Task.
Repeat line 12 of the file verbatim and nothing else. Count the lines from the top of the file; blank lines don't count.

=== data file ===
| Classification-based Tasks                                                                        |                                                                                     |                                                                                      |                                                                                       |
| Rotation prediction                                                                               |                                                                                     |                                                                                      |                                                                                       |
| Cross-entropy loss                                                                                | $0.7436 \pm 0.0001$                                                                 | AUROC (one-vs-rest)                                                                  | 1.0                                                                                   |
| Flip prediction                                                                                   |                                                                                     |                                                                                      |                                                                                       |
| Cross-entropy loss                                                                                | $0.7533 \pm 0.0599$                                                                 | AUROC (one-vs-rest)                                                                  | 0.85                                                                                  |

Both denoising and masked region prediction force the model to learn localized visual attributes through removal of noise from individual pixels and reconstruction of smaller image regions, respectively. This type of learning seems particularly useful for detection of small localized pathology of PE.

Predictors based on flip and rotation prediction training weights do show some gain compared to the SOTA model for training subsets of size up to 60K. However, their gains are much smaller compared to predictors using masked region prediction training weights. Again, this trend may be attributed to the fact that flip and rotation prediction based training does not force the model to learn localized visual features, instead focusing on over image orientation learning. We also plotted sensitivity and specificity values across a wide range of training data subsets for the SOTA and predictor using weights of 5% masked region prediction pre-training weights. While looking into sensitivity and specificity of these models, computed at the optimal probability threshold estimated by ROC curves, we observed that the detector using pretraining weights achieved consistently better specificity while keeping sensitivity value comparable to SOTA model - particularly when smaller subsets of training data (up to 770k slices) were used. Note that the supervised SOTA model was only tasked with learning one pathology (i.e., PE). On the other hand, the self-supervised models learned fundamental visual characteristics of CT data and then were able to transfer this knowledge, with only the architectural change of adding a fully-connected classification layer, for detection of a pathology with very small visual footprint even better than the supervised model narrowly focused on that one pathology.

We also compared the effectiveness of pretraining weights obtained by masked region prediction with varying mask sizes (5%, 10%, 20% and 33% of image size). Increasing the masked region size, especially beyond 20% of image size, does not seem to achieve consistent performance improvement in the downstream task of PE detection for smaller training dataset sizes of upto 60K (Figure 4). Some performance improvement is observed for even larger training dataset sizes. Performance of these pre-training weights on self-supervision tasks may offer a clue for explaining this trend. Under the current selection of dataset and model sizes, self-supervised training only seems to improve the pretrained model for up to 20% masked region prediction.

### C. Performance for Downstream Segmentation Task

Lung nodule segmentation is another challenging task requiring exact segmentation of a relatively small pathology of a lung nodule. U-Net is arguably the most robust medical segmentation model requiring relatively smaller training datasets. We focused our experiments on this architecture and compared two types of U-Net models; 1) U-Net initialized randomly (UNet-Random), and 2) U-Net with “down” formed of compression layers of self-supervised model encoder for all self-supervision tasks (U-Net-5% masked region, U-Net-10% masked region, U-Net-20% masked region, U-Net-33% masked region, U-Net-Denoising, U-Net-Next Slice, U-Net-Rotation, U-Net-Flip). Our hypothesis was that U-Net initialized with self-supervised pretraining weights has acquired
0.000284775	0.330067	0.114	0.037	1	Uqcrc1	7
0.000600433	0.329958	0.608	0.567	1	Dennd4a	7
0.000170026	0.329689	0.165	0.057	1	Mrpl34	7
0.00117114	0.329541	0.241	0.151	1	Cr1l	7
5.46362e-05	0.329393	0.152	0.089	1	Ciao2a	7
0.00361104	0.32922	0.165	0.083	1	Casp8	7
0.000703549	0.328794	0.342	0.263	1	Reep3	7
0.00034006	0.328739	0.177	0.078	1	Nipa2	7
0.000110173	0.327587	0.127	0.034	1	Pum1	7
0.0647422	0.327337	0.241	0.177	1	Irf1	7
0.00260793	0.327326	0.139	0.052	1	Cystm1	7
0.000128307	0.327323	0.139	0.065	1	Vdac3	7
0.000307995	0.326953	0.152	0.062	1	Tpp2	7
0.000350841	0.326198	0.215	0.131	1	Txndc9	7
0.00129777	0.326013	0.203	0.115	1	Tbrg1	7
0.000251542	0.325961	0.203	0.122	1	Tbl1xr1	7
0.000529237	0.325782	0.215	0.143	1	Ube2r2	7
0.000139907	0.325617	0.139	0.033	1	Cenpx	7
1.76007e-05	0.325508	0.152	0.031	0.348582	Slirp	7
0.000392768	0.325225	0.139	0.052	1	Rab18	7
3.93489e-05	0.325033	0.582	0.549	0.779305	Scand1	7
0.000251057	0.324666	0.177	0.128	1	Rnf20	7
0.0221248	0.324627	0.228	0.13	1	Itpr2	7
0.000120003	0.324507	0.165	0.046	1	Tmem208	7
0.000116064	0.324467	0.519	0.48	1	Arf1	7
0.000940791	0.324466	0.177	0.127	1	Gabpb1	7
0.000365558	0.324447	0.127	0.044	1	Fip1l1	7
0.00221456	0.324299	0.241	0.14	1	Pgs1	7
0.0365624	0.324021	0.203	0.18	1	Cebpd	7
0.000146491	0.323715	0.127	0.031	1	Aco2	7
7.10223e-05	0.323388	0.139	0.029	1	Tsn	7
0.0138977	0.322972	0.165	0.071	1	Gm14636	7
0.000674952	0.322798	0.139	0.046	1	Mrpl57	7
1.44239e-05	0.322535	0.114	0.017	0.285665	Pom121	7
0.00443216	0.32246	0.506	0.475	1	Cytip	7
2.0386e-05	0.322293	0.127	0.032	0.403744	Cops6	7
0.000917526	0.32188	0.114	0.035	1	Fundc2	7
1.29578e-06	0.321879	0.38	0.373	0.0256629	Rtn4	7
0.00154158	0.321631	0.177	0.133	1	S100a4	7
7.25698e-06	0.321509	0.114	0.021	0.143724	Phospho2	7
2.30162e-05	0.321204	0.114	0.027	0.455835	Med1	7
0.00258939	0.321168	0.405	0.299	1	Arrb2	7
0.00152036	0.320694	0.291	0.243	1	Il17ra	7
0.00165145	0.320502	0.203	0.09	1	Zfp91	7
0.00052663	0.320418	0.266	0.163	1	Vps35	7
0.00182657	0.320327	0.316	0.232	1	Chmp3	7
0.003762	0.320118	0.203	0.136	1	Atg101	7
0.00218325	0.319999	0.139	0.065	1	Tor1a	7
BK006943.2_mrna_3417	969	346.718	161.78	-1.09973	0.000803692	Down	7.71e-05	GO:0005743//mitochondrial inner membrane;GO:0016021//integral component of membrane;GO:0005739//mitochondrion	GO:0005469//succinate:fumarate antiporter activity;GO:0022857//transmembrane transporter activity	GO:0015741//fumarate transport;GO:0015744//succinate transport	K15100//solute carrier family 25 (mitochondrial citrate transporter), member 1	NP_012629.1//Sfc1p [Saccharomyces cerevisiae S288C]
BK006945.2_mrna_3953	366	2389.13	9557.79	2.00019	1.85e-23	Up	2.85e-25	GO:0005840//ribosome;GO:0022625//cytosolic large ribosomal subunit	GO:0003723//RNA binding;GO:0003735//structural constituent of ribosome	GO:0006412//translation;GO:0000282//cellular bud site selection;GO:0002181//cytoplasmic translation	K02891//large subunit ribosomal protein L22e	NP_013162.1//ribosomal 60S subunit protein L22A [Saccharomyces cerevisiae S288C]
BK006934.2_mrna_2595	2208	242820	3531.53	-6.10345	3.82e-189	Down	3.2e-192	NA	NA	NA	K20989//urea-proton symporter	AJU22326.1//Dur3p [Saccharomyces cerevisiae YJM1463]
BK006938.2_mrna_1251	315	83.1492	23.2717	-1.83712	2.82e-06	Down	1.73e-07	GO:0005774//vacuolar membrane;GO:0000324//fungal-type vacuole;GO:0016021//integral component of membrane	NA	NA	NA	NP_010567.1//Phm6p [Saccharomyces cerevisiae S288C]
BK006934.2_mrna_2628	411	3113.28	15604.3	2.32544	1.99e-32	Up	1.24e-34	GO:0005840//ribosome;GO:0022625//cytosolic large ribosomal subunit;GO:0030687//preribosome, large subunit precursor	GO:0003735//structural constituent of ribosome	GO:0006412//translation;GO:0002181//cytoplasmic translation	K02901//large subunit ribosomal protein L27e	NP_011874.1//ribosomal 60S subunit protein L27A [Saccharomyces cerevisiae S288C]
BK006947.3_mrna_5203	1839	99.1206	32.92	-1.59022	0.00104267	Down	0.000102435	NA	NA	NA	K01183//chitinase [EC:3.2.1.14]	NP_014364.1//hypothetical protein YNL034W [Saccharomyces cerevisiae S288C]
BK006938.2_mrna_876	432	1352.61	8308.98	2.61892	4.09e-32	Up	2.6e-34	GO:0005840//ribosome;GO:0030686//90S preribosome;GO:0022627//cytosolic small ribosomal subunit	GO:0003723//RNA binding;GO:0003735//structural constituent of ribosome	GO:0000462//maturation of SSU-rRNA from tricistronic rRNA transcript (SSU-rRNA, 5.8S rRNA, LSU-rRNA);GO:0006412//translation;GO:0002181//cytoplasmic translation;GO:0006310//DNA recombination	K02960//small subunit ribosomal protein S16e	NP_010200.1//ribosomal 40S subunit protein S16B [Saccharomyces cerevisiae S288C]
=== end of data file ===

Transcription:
0.000600433	0.329958	0.608	0.567	1	Dennd4a	7